A sample of CSF was collected from the cerebellomedullary cistern, and analysis revealed high protein concentration (41.9 mg/dL; reference range, < 30 mg/dL), high WBC count (407 cells/μL; reference range, < 5 cells/μL), and high RBC count (23 cells/μL; reference range, < 5 cells/μL). On microscopic examination of the CSF sample, occasional yeast organisms (2 to 10 μm in diameter) composed of a large capsule and narrow-based budding were detected; these organisms were consistent with Cryptococcus sp. Culture of the CSF sample was performed with organism typing to differentiate Cryptococcus neoformans from Cryptococcus gattii. Cryptococcal antigen testing yielded a positive result (1:6,613). Organism typing identified the yeast as C gattii.

Comments

Given the findings of the CSF analysis, cryptococcal antigen testing, and organism typing, a definitive diagnosis of C gattii infection was made for the cat of the present report. Cryptococcus gattii was first isolated from a human with leukemia in 1970, and at that time, it was described as a variant of C neoformans.1 Since the late 1990s, C gattii has emerged as a notable pathogen of both humans and other animals in the Pacific Northwestern United States and southwestern Canada.2 It had been thought that C gattii was geographically limited to tropical regions of the world; however, multiple reports2–7 have more recently indicated otherwise. Cryptococcus gattii has been isolated from maple, fir, and cedar trees as well as from air, freshwater, seawater, and the upper layer of soil of the British Columbia mainland and has also been isolated from the Gulf Islands and Washington State.3,4 In a recent study6 of cats and dogs with cryptococcosis in California, C gattii was most commonly isolated from cats for which fungal species identification had been performed. This organism appears to infect immunocompetent individuals, and the prognosis for infected animals that develop primary CNS signs is considerably worse than the prognosis for animals that are evaluated for other clinically relevant reasons and do not develop CNS signs.5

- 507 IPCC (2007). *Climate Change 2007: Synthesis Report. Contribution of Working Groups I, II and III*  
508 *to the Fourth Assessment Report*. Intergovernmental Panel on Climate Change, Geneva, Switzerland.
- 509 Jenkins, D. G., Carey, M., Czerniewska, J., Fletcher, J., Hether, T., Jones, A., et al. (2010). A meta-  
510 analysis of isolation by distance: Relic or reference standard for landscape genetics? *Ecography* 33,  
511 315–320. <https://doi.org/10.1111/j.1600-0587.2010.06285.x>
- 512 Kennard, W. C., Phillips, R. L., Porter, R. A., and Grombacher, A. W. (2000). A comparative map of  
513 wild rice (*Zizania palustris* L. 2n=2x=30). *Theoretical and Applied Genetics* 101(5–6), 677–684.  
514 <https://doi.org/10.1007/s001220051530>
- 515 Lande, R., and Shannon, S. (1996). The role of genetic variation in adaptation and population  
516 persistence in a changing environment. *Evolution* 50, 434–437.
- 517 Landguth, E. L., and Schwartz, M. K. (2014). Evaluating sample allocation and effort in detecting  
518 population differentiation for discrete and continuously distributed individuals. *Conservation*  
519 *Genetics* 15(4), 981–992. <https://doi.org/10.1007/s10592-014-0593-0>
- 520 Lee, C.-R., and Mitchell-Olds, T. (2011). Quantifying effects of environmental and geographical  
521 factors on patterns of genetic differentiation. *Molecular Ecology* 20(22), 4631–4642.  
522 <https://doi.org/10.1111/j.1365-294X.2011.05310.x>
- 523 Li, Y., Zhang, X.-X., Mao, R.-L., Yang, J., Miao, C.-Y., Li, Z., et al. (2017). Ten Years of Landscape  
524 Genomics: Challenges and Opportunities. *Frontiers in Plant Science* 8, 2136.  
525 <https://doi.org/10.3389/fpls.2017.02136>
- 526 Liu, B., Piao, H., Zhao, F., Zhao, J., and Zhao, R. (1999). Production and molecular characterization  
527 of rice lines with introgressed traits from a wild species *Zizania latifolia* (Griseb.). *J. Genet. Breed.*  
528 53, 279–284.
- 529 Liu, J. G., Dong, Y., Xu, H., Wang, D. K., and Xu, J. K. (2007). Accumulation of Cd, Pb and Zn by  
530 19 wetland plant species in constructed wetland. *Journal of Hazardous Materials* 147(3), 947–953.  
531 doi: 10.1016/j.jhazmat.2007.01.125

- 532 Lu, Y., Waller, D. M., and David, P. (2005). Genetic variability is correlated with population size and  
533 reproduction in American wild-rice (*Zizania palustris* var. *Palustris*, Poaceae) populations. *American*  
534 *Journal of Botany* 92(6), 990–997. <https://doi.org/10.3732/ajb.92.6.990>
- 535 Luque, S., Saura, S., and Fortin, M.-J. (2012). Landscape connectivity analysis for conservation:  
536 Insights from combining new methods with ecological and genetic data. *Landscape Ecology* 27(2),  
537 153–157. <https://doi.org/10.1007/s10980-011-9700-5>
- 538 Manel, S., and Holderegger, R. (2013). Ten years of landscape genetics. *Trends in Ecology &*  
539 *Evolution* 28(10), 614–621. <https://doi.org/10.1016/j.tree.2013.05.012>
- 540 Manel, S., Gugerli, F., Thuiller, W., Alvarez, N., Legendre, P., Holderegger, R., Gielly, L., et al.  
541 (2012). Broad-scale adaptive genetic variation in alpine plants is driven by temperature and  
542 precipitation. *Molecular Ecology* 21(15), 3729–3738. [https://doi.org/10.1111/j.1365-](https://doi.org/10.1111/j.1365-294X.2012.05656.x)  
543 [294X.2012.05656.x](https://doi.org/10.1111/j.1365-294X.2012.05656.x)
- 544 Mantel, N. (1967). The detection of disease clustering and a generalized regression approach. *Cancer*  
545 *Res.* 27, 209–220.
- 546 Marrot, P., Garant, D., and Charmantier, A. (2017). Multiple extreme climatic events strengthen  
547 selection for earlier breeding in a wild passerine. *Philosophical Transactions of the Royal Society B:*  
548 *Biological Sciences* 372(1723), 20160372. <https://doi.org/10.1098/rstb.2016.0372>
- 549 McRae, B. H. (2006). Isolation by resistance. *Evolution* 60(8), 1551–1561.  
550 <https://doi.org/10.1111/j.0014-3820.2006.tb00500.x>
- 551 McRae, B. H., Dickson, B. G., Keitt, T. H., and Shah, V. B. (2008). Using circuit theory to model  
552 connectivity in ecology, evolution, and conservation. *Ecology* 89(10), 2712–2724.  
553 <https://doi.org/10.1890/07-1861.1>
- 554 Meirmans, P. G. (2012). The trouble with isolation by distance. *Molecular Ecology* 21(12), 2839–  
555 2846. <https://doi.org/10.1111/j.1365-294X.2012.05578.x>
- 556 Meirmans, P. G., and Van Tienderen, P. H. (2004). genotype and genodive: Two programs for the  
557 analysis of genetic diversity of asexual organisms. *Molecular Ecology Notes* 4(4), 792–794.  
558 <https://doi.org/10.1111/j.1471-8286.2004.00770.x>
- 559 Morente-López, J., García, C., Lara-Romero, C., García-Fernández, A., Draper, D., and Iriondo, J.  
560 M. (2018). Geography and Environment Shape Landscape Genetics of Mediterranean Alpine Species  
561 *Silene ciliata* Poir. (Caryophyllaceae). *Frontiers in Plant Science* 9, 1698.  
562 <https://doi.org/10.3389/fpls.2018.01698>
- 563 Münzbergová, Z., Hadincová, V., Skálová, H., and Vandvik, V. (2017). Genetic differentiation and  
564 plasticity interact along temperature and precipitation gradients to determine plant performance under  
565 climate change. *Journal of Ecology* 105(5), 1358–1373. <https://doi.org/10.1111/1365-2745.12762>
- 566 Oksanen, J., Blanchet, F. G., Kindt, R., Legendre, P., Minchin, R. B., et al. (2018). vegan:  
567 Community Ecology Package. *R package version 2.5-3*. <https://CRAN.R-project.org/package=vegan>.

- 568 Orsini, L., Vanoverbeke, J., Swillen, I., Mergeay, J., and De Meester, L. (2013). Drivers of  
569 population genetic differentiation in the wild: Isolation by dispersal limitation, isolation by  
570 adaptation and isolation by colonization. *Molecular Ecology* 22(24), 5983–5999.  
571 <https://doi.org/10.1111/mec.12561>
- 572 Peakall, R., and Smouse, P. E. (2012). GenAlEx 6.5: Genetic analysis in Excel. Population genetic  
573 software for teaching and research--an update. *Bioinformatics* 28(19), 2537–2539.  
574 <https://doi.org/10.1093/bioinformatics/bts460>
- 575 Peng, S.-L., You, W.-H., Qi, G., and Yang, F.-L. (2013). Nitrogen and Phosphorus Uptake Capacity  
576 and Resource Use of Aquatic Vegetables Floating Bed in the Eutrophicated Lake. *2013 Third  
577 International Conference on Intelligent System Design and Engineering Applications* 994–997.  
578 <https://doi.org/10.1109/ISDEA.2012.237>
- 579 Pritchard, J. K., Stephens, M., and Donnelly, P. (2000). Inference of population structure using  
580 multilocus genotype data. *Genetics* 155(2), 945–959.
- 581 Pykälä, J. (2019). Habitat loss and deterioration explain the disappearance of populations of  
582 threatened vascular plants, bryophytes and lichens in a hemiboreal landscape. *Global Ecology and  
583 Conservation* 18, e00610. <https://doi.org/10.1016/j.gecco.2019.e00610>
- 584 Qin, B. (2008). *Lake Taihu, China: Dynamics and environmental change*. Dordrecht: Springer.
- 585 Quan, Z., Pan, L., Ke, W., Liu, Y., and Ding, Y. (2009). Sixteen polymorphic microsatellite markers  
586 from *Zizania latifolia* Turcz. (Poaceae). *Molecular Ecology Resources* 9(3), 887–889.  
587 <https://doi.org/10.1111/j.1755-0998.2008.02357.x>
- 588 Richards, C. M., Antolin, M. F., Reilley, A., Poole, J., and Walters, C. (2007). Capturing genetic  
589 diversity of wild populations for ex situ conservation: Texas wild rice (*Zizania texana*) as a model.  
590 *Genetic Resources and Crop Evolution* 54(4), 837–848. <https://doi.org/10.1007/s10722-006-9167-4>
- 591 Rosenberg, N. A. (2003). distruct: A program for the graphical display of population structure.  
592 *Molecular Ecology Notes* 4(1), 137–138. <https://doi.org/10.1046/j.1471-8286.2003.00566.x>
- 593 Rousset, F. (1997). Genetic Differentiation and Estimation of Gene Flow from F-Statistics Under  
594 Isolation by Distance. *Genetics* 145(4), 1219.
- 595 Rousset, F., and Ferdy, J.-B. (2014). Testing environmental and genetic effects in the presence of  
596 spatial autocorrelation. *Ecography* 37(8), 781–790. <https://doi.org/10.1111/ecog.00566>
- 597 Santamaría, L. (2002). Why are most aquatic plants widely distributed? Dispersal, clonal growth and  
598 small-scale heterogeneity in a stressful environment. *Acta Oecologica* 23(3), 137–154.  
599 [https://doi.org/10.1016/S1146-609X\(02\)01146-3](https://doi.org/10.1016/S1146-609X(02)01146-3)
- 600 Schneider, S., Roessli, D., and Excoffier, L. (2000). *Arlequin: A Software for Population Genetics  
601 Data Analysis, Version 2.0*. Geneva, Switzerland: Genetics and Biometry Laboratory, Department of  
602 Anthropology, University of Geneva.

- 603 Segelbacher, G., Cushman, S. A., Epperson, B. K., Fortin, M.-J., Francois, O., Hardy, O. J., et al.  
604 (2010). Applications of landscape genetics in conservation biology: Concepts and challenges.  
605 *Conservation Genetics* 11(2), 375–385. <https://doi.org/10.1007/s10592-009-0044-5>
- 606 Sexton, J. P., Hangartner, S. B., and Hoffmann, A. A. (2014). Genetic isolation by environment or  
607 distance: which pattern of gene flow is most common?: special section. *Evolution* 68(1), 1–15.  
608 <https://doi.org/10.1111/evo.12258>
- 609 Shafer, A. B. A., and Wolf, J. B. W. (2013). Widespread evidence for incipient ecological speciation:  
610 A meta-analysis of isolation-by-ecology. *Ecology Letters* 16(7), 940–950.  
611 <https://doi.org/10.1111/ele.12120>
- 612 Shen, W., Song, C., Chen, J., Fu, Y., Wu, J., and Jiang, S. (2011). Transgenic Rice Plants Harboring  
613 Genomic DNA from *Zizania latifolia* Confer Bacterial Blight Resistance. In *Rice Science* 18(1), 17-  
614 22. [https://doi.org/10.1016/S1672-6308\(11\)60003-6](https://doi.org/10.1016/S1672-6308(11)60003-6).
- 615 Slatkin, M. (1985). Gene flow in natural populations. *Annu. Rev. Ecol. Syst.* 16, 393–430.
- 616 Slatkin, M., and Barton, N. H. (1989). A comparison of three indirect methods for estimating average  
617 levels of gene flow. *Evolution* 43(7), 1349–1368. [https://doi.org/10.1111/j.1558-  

The cat of the present report was hospitalized for treatment with fluid therapy with a balanced electrolyte solution (1.5 × maintenance rate, IV), phenobarbital (3 mg/kg [1.36 mg/lb], PO, q 12 h), amphotericin B (1 mg/kg/d [0.45 mg/lb], IV, for 12 d; cumulative dose, 12 mg/kg [5.45 mg/lb]), and fluconazole (12.5 mg/kg [5.68 mg/lb], PO, q 12 h). Throughout the period of hospitalization, the cat's mentation and ability to ambulate improved considerably, to the point that it was able to urinate in a designated litter box. At the time of discharge from the hospital 14 days after admission, it was able to track objects with its eyes and had regained a menace response and pupillary light response. Nevertheless, the cat's ability to ambulate remained minimal (although present) and its appetite was lacking. The owner was instructed to continue administration of phenobarbital (3 mg/kg, PO, q 12 h) and fluconazole (12.5 mg/kg, PO, q 12 h). Although the cat continued to be receptive to oral syringe feedings following discharge from the hospital, an esophagostomy tube was placed by the referring veterinarian 10 days later because of its lack of appetite. Approximately 28 days following the placement of the feeding tube, the cat was noted to have an improved appetite and the feeding tube was removed. Twelve weeks following the initiation of treatment, the cat was eating unaided, playing with the other cats in the household, and jumping onto tall objects at the owner's home. The plan was to continue treatment with phenobarbital at a decreased dosage (2 mg/kg [0.91 mg/lb], PO q 12 h) and fluconazole (12.5 mg/kg, PO, q 12 h) indefinitely.